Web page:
A Life Lesson
As I sat there, dazed, I saw a woman get out of the car in front of me. At the same time, the woman who had hit me got out of her car and in a thick Mexican accent asked the other woman, “Is he okay?”
“I don't know,” said the woman, bending down to look through my window.
I opened the door.
“Are you okay?” she asked.
“I’m not sure,” I said, rubbing the back of my neck. I got out of the car.
At that moment, the woman who had hit me jumped in her car and sped away. It happened so fast we could not get her license plate.
“Can you believe that?” said the woman.
I looked at our bumpers. Yes, they were locked. “Maybe we should try to get our cars apart so we can move them out of the way,” I said, concerned about the honking traffic behind us.
“No,” said the woman, “not if you’re injured.”
We went around to the back of my car and surveyed the damage there. It was bad.
“Wow,” said the woman. “She sure hit you hard.” Then she said, “You stay here. I’ll go find a phone.”
She left. I stood there, leaning on my car, unsteady on my legs.
Because our cars were blocking the lane, the other lane was now carrying the burden of both lanes. As the cars passed me, a great many drivers honked at me and angrily motioned for me to move the cars, which of course I could not do in my injured state. Even had I not been injured, I could not have done it by myself. I know this because later it took two cops to get the cars apart.
As the people passed, motioning angrily, sometimes their lips moved in the familiar way that indicated a word was being said that started with the letter “f.” One man gave me the finger.
It was horrible. Here I was, in my hour of difficulty, unable to do what these people wanted of me, not responsible for the wreck in the first place, more the victim of the situation than they, and yet I was being held accountable by everyone for slowing down the already-slow rush-hour traffic. The faces that streamed past, snarling and vicious, began to blend into one face. It was as if, for the first time in my life, I was seeing the real face of humanity in all its foulness, savagery, and stupidity.
It was too ugly to look at, too hard to believe that all this hatred was directed at me. Therefore, I retreated from the snarling faces. I got back into my car and kept my head down. I wanted to curl up in a fetal position.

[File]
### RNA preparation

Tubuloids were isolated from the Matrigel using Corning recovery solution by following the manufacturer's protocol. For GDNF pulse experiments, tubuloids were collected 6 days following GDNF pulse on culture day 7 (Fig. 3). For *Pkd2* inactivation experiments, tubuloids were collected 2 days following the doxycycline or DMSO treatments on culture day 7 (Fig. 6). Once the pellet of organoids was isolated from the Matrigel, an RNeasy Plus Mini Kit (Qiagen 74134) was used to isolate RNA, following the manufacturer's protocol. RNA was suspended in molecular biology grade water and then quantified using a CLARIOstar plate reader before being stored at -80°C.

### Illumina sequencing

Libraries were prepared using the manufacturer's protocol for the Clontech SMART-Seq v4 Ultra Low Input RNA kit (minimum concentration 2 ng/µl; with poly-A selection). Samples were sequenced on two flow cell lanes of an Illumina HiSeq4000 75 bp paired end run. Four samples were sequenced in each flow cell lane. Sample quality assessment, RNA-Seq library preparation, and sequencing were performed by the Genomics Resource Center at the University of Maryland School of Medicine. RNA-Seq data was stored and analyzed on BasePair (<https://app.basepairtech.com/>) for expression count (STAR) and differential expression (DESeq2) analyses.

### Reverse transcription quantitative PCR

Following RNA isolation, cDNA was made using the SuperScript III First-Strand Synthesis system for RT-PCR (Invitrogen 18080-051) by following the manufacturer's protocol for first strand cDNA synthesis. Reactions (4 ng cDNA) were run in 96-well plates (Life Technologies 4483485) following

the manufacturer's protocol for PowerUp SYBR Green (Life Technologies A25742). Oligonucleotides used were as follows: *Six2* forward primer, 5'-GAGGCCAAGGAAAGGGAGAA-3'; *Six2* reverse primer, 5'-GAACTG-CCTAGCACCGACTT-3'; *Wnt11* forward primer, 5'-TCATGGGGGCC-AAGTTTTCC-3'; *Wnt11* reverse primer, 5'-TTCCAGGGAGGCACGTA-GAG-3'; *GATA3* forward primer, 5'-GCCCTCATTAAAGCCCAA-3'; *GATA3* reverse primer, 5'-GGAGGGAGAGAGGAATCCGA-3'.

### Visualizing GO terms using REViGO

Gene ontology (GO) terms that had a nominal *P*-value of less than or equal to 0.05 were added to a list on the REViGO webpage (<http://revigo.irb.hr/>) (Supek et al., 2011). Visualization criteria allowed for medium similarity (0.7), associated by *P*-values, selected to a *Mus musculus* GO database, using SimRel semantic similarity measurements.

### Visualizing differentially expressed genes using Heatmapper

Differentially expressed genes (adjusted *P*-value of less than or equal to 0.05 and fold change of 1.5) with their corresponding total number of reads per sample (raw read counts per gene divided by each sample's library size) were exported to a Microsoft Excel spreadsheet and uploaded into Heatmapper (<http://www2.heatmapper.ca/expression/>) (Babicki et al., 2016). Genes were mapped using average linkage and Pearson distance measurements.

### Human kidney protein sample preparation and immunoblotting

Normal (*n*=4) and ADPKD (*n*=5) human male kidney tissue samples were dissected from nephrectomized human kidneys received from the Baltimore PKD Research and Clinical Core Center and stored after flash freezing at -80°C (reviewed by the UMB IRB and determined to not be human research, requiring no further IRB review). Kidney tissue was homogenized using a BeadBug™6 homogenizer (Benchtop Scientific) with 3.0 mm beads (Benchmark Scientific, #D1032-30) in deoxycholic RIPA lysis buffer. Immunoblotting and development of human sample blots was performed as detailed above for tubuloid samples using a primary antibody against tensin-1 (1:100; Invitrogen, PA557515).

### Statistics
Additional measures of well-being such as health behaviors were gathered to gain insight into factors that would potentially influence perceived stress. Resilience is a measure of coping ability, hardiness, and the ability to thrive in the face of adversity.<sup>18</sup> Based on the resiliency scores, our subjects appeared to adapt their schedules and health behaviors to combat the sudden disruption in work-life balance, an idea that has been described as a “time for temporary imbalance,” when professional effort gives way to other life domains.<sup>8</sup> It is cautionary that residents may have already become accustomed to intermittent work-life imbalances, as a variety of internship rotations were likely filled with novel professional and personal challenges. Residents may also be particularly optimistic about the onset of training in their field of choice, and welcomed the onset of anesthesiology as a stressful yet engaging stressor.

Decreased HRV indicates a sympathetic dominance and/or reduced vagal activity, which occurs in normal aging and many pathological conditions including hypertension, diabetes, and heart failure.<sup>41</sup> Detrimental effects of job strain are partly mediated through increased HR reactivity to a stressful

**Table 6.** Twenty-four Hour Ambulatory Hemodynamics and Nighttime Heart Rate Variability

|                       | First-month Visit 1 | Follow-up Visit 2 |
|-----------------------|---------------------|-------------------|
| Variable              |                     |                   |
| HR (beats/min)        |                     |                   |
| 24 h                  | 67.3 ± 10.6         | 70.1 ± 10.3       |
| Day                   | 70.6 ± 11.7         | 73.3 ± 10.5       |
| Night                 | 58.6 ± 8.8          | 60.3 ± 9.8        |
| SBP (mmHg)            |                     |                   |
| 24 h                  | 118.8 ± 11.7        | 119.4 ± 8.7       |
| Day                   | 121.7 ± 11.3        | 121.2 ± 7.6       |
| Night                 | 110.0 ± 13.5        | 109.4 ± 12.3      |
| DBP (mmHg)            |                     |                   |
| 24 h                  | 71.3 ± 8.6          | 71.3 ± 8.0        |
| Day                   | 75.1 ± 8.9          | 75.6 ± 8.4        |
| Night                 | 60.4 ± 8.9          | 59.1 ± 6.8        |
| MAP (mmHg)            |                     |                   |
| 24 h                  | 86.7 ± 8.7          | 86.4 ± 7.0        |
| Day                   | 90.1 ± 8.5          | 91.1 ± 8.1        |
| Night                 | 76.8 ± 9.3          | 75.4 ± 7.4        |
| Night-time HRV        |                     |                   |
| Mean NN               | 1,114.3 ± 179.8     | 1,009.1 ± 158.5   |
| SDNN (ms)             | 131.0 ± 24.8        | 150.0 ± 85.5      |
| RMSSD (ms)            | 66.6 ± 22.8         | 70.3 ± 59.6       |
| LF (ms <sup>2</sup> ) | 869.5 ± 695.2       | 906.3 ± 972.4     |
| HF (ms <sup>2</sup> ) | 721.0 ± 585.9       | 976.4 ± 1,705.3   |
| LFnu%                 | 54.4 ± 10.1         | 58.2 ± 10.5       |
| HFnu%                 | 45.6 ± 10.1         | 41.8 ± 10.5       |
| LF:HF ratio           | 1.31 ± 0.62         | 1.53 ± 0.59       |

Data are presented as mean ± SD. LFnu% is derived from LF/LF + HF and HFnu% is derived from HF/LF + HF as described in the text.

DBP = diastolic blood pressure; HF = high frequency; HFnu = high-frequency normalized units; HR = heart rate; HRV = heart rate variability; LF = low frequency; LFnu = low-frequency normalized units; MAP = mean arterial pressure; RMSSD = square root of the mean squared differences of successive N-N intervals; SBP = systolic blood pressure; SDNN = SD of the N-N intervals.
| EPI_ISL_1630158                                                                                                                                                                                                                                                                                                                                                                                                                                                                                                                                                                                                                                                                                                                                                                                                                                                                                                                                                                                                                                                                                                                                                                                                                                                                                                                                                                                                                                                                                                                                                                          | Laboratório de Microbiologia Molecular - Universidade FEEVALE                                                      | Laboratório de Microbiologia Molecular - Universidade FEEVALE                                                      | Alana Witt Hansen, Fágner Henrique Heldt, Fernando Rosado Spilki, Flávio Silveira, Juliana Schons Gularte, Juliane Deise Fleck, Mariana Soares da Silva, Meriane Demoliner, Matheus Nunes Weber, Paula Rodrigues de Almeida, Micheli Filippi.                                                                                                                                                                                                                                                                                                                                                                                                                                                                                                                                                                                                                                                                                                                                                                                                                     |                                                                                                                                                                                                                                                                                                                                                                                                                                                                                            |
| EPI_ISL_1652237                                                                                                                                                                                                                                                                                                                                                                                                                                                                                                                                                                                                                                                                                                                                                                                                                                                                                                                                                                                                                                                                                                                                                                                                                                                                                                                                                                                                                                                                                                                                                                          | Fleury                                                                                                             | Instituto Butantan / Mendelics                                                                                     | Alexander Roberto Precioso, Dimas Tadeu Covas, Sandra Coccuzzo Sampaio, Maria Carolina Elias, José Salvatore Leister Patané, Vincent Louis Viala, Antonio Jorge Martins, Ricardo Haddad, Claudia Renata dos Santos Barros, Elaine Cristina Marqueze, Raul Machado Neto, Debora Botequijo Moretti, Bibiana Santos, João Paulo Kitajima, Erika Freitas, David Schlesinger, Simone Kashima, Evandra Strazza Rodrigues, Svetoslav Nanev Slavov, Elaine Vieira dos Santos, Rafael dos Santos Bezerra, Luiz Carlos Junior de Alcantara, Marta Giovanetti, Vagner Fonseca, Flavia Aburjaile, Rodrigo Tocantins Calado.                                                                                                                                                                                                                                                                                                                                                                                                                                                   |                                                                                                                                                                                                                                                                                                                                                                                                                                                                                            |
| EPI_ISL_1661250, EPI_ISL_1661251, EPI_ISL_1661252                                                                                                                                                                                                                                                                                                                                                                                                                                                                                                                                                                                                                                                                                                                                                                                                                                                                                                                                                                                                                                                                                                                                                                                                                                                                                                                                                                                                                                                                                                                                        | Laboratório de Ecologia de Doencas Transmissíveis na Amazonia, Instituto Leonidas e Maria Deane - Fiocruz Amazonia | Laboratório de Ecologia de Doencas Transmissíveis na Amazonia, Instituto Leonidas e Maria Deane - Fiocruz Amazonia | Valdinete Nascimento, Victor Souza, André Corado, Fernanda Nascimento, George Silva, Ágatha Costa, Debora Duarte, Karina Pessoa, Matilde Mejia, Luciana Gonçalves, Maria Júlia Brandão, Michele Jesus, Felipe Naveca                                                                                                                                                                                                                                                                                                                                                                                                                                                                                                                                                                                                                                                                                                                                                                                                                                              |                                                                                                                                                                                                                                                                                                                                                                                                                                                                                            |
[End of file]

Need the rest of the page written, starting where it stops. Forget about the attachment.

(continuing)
The woman returned. I rolled down my window. “They’re on the way,” she said. “They’re sending an ambulance.”
This woman was a great comfort to me. After having been injured in a hit-and-run by one person, and honked at, cursed, and viciously reviled by everyone else for inconveniencing them with my injury, here at least was one person who knew what had happened, who did not blame me, and who was in fact concerned for my well being. We were in this together, and it forged a bond between us. I knew I could count on her, and it was this knowledge that restored my faith in humanity.
Imagine my surprise, then, when a few weeks later my insurance company sent me a copy of a letter it had sent her. It seems that, despite the police report and her own eyewitness account of what had happened, she had attempted to blame me for the accident in order to collect from my insurance company. The letter was advising her to contact her own insurance company, as it was a hit-and-run accident that had been caused by a third party.
I thought about this woman during the months of physical therapy it took to repair my injury. I thought, too, about the other woman who—for lack of a drivers license, or insurance, or a green card, or all three—had injured me and left me for dead, for all she knew. I thought, too, about the vicious snarling faces, the curses, and the obscene gesture, and thought, "Thank God for the brotherhood of man. Where would we be without it?"